Specify how the position fits into the organization. Indicate who the job reports to and how the person will function within your organization, helping candidates see the bigger picture and understand how the role impacts the business.
Employers should develop job descriptions that clearly define the essential functions of every job before advertising the job or interviewing applicants. A job description should have clear, concise, non-technical language, and avoid unnecessary words. The job description should focus on words that have a single meaning with detailed explanations for words that may be interpreted differently. Each sentence should begin with an active verb and use the present tense. Examples of job functions should be provided. The desired outcome of the work should be described, rather than one method for accomplishing that outcome. For example, instead of "writes down notes during meetings" put "records notes during weekly meetings." Writers should avoid using gender-specific language, jargon, technical language, proprietary names (Xerox), and ambiguity.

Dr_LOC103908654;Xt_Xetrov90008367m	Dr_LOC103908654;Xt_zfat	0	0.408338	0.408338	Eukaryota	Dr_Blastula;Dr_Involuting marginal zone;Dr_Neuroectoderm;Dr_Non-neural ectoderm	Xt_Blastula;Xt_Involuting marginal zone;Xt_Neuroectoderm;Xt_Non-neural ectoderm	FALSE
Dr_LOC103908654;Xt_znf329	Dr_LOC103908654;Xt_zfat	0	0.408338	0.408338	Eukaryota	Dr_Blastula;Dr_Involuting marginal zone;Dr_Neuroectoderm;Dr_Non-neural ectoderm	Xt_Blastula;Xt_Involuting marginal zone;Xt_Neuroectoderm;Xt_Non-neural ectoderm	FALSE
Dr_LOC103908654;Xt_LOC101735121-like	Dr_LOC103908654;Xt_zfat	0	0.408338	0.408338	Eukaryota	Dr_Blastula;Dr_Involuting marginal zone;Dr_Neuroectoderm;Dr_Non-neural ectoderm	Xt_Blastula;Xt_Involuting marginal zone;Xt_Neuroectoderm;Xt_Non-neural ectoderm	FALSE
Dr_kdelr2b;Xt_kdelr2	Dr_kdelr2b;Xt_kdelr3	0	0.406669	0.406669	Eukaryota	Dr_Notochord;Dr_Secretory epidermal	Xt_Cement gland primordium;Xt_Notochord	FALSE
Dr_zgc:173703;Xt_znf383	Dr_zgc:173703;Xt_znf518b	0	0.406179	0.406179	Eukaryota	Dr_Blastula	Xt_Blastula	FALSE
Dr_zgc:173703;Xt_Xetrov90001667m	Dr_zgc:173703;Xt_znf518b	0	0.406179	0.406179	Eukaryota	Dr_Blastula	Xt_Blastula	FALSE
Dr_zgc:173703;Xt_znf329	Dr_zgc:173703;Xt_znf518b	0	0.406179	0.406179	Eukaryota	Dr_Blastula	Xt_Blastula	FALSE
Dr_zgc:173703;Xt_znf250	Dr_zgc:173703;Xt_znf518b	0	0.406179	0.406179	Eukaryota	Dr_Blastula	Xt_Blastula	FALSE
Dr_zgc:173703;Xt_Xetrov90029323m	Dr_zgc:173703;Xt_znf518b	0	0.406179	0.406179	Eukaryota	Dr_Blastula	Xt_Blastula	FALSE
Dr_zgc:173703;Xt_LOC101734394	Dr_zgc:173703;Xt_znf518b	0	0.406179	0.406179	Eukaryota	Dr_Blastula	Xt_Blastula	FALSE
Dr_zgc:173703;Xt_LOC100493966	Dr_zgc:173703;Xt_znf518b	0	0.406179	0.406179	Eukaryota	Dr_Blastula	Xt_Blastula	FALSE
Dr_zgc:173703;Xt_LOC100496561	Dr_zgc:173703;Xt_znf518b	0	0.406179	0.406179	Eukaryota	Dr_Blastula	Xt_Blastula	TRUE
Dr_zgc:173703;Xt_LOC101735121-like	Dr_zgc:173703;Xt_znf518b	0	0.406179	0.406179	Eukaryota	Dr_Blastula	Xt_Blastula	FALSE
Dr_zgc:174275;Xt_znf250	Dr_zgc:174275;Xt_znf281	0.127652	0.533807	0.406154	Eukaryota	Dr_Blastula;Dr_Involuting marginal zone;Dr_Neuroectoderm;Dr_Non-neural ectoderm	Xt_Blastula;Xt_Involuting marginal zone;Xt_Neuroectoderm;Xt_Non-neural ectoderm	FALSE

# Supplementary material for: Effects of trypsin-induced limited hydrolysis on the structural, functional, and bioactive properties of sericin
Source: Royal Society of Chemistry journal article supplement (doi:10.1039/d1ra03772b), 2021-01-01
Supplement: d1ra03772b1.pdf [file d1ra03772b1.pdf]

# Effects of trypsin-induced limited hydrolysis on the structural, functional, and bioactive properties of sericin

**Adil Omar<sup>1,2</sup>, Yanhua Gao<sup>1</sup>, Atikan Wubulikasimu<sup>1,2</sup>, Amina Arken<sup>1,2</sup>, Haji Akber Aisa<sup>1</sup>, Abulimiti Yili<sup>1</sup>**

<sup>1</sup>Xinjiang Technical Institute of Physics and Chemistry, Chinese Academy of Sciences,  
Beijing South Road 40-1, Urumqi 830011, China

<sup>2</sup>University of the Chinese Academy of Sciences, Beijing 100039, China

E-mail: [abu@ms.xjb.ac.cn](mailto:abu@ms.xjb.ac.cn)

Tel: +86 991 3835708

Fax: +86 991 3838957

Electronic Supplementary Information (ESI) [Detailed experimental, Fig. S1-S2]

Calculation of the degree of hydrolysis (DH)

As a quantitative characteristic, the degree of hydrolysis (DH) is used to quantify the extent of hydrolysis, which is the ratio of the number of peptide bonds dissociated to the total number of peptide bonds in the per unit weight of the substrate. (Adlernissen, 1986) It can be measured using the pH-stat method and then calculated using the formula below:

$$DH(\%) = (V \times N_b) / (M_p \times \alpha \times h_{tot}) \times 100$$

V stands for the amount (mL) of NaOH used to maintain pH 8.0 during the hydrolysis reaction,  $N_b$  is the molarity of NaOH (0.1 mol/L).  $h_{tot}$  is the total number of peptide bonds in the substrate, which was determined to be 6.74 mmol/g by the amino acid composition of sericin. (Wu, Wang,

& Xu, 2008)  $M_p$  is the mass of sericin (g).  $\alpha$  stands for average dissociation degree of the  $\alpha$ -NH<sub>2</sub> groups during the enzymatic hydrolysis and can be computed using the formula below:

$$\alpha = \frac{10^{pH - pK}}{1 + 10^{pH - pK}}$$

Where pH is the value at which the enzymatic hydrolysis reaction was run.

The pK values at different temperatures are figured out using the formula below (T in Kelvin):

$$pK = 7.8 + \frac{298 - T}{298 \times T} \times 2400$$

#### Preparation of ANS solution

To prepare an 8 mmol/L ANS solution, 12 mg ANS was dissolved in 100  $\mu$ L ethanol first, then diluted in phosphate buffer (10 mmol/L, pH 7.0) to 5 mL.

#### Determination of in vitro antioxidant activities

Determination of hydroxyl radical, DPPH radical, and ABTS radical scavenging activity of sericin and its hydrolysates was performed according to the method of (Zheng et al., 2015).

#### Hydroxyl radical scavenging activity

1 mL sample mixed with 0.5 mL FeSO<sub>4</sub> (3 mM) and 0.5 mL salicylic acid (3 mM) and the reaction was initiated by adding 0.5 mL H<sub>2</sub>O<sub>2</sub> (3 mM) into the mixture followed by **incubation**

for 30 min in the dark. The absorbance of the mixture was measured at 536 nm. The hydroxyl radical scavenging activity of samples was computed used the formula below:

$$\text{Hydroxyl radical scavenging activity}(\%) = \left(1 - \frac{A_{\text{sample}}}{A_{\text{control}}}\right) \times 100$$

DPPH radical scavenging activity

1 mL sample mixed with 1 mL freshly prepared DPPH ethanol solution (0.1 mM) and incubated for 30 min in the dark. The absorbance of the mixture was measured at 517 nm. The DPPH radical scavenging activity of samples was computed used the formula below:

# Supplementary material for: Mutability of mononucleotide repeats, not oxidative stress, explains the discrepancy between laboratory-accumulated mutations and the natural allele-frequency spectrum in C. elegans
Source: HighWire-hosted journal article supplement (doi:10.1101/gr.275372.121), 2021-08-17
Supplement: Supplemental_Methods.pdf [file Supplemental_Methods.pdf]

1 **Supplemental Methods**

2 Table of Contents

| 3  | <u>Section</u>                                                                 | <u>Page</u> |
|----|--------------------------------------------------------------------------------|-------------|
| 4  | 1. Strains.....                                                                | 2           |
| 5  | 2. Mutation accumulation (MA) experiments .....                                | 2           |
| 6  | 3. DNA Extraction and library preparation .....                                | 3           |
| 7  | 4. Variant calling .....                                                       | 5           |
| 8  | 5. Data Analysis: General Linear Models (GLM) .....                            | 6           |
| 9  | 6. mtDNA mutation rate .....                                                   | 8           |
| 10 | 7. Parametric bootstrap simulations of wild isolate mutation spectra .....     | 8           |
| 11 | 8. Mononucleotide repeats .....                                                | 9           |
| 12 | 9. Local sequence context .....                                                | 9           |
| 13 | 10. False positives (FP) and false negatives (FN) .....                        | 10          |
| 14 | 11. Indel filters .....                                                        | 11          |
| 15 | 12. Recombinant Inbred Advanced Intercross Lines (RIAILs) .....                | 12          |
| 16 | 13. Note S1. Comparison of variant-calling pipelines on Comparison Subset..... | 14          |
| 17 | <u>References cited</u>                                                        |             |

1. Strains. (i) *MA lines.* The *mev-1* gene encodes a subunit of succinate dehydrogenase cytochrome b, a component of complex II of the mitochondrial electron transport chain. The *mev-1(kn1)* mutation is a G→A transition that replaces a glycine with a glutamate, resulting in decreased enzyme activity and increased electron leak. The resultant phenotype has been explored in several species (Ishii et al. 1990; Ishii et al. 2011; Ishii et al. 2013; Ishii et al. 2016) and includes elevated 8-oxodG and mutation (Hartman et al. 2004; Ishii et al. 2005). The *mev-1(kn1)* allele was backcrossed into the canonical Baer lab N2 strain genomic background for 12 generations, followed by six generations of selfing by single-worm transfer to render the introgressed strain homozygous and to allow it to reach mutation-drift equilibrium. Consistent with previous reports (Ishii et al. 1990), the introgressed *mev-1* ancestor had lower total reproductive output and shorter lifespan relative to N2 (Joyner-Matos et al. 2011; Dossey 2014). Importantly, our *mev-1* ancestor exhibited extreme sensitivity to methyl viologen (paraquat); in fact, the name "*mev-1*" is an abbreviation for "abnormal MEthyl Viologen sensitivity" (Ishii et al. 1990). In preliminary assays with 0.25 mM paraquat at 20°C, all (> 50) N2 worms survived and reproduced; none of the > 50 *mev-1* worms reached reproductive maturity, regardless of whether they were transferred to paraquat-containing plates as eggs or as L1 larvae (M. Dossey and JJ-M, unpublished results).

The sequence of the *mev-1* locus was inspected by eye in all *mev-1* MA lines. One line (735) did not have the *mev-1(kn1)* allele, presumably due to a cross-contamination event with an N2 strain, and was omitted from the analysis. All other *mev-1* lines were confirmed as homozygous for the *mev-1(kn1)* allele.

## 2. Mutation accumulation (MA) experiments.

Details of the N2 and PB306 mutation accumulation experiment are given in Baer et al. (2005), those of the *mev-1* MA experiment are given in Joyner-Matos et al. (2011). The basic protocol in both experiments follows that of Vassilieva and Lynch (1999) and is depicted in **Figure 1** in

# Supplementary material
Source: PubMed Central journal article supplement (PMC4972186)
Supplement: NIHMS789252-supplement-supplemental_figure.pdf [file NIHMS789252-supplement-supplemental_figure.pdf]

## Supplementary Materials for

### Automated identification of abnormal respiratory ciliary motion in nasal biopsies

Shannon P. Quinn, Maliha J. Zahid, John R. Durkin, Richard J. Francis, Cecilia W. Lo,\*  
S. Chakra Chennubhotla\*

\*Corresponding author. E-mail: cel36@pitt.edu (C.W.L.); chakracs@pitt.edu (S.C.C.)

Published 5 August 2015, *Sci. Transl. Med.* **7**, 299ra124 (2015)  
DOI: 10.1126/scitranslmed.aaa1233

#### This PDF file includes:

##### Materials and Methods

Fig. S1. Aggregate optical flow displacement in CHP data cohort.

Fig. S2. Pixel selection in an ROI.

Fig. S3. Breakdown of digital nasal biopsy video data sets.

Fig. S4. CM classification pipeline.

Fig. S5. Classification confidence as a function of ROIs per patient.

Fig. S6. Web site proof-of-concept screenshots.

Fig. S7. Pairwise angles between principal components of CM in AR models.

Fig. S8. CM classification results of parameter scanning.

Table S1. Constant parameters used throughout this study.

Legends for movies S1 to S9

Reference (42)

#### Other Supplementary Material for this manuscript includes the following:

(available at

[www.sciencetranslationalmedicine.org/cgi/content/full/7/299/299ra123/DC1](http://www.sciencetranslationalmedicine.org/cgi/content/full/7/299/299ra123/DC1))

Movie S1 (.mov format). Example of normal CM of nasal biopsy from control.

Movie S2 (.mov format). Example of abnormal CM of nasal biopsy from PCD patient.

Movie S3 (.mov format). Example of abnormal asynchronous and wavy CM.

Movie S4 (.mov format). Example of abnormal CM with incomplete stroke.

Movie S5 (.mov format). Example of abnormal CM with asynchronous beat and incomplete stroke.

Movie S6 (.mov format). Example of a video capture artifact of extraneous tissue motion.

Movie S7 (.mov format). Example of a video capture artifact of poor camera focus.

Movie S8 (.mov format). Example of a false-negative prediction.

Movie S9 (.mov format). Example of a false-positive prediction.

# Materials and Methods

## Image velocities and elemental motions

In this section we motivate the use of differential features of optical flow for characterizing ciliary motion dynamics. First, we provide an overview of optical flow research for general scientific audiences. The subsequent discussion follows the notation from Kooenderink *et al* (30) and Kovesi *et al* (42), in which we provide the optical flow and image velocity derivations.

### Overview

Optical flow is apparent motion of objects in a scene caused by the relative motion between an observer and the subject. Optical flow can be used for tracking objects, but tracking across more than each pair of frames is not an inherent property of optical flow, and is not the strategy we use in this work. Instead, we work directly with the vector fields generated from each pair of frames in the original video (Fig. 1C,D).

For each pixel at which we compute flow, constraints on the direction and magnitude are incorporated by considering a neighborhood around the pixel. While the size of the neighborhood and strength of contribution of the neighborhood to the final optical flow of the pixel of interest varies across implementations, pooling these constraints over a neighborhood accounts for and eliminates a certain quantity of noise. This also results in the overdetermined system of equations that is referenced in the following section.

Properly written job position descriptions are often the only document that totally define what a role is, what skills are required to perform it, and where the role fits in an organization. This makes it simple to identify candidates that are a good fit for the role and also to hold candidates accountable if they are not performing essential duties that are required in the role.
Outline the core responsibilities of the position. Make sure your list of responsibilities is detailed but concise. Also emphasize the duties that may be unique to your organization. For example, if you are hiring for an “Event Management” role and the position requires social media expertise to promote events, include this detail to ensure candidates understand the requirements and can determine if they’re qualified.
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job description and job specification